Wow, that's a good question. Um, I mean, maybe it's one of those like, I think I had no frickin idea what to expect. So sort of looking back, I mean, this was all a grand adventure. I mean, so much of criterion has been I mean, we're, we've we've been a sustained experiment and ways of creating systems change in different ways. And so I I was never the kind of leader I am now which is interesting. This is the first time in my career where I plan and I think I'm right. And so I don't think at that time, I had a plan. Anybody who worked for me at the top Republican firm, I had no plan. I just wanted to figure out what's possible. And I've never built a field. But we've built a field. I hadn't built a venture fund and build venture funds. I guess at some point it was how can we how can we try a different set of things? Is there a broader set of things possible? I remember the first conversations with with Shari, looking at what is now oh, goodness covered foundations amazing product that's been around forever. I can't remember the name of it. Hugely disrespectful to not being able to do away with it, but they were one of the first really focused gender lens investing products. And sharding just didn't believe it was possible. Right. And so I remember hours and hours of conversation with her just like well could just something isn't there something we could do? And so, the kind of what did I expect? I don't know. I don't know if I had expectations. I wanted to see if there was a different path. And I didn't know what that would look like. Wow, stay in the game. I mean, that's the story of entrepreneurs, right? Have enough staying power to still be around 21 years later.

Servane Mouazan 9:31

staying power, I guess there's many changes along the way. So every time you're a new person to joy imagine let's let's let's play a little game. Imagine you come across someone a man for instance, who has never heard of impact investing, let alone gender Smart Investing, and doesn't seem that bothered at her side and how would you describe that work, joy, its impact, your work, its impact and its relevance, you know, to someone like that outside of these ecosystems.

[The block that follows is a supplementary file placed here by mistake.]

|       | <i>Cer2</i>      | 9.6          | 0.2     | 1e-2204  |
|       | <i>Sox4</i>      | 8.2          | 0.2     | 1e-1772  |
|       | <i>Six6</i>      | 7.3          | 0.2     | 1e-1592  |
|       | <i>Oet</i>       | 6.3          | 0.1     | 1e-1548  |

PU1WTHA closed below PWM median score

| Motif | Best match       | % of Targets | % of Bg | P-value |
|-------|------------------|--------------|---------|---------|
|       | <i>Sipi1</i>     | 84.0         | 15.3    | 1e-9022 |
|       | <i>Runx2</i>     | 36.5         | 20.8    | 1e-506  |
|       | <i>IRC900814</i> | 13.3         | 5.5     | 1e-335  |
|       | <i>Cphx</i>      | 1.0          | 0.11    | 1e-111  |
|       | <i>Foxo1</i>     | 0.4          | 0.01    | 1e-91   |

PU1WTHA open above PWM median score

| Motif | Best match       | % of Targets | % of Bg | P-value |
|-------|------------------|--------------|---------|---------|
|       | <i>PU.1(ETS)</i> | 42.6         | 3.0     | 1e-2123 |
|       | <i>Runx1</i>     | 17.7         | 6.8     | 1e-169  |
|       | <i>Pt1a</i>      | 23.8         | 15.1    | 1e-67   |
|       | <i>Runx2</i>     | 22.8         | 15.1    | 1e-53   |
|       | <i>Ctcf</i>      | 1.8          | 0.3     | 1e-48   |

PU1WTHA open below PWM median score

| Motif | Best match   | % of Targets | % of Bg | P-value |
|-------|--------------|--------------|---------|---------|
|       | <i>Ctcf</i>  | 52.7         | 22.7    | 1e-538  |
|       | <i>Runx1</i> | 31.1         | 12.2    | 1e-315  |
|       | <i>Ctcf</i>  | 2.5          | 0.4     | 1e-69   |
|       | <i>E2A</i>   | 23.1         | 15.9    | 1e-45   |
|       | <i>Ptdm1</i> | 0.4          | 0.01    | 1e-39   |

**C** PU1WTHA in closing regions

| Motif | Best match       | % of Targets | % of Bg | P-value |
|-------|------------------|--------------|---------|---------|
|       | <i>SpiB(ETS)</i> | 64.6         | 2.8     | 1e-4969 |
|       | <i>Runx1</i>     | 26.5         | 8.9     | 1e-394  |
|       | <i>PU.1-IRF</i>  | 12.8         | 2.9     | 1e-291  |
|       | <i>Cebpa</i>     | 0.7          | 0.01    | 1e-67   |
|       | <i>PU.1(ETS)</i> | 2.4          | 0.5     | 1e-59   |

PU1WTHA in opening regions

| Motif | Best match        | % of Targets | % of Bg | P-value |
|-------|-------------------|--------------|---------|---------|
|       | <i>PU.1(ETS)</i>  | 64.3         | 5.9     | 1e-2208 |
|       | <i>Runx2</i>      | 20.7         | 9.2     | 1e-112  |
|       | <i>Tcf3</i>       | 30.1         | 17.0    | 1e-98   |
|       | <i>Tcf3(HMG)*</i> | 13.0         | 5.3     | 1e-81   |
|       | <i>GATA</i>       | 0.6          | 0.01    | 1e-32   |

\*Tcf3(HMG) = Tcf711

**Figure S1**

Joy Anderson:

There was just talking to my team yesterday and criterion, we actually spend a whole lot of time with people who are not trying to create social change. We're trying to work with people who are trying to create social change, and think about how they can be brought more broadly, more creatively with more imagination. Use finance to create social change. And so, the most of the conversations that I have with people who are not working in, in a bit of finance, or with changemakers, for whom finance is an evil system of power and domination that has perpetuated capitalism. And so in that context, I'm mostly just trying to say it's a system of power, just like all of the other systems that we work in, right? See it as a system of power, figure out where it needs to change, figure out where you need to manoeuvre around it and manipulate the system or where it might actually work to further your goals. Sort that through just like you would any system of power. And when I'm talking to people who are sort of mainstream finance people, you know, at some point for me, I'm like, Look, you don't want to be stupid. There's a whole bunch of stuff that you will get wrong. Right, we've, we've all seen those better. It's just nobody laughs as loudly as they want to, when they say take him back to the future. He told my wife as a handbag like, effing idiot, you realise. And so, at some level, when I'm talking to people in finance, who I actually think are genuinely really bright people. I'm engaging as a really bright person to say, here's a set of data that you're not aware of and that might make you look stupid.

Servane Mouazan:

Right, right. So bit of truth telling here. And amongst the next to the truth telling, I hear that you've identified your like in a great storyteller that you are, you've identified your villain, which is the problem with power, the power and power dynamic and when you started criteria, and you you named your well, your your, your heroes, I call them heroes, because you got three values that you started with in 2000 in the grace to hospitality and the power of invitation, and I'm sitting on the edge of my chair. Wow, would you show up with them in practice when you're you're the hero of the story.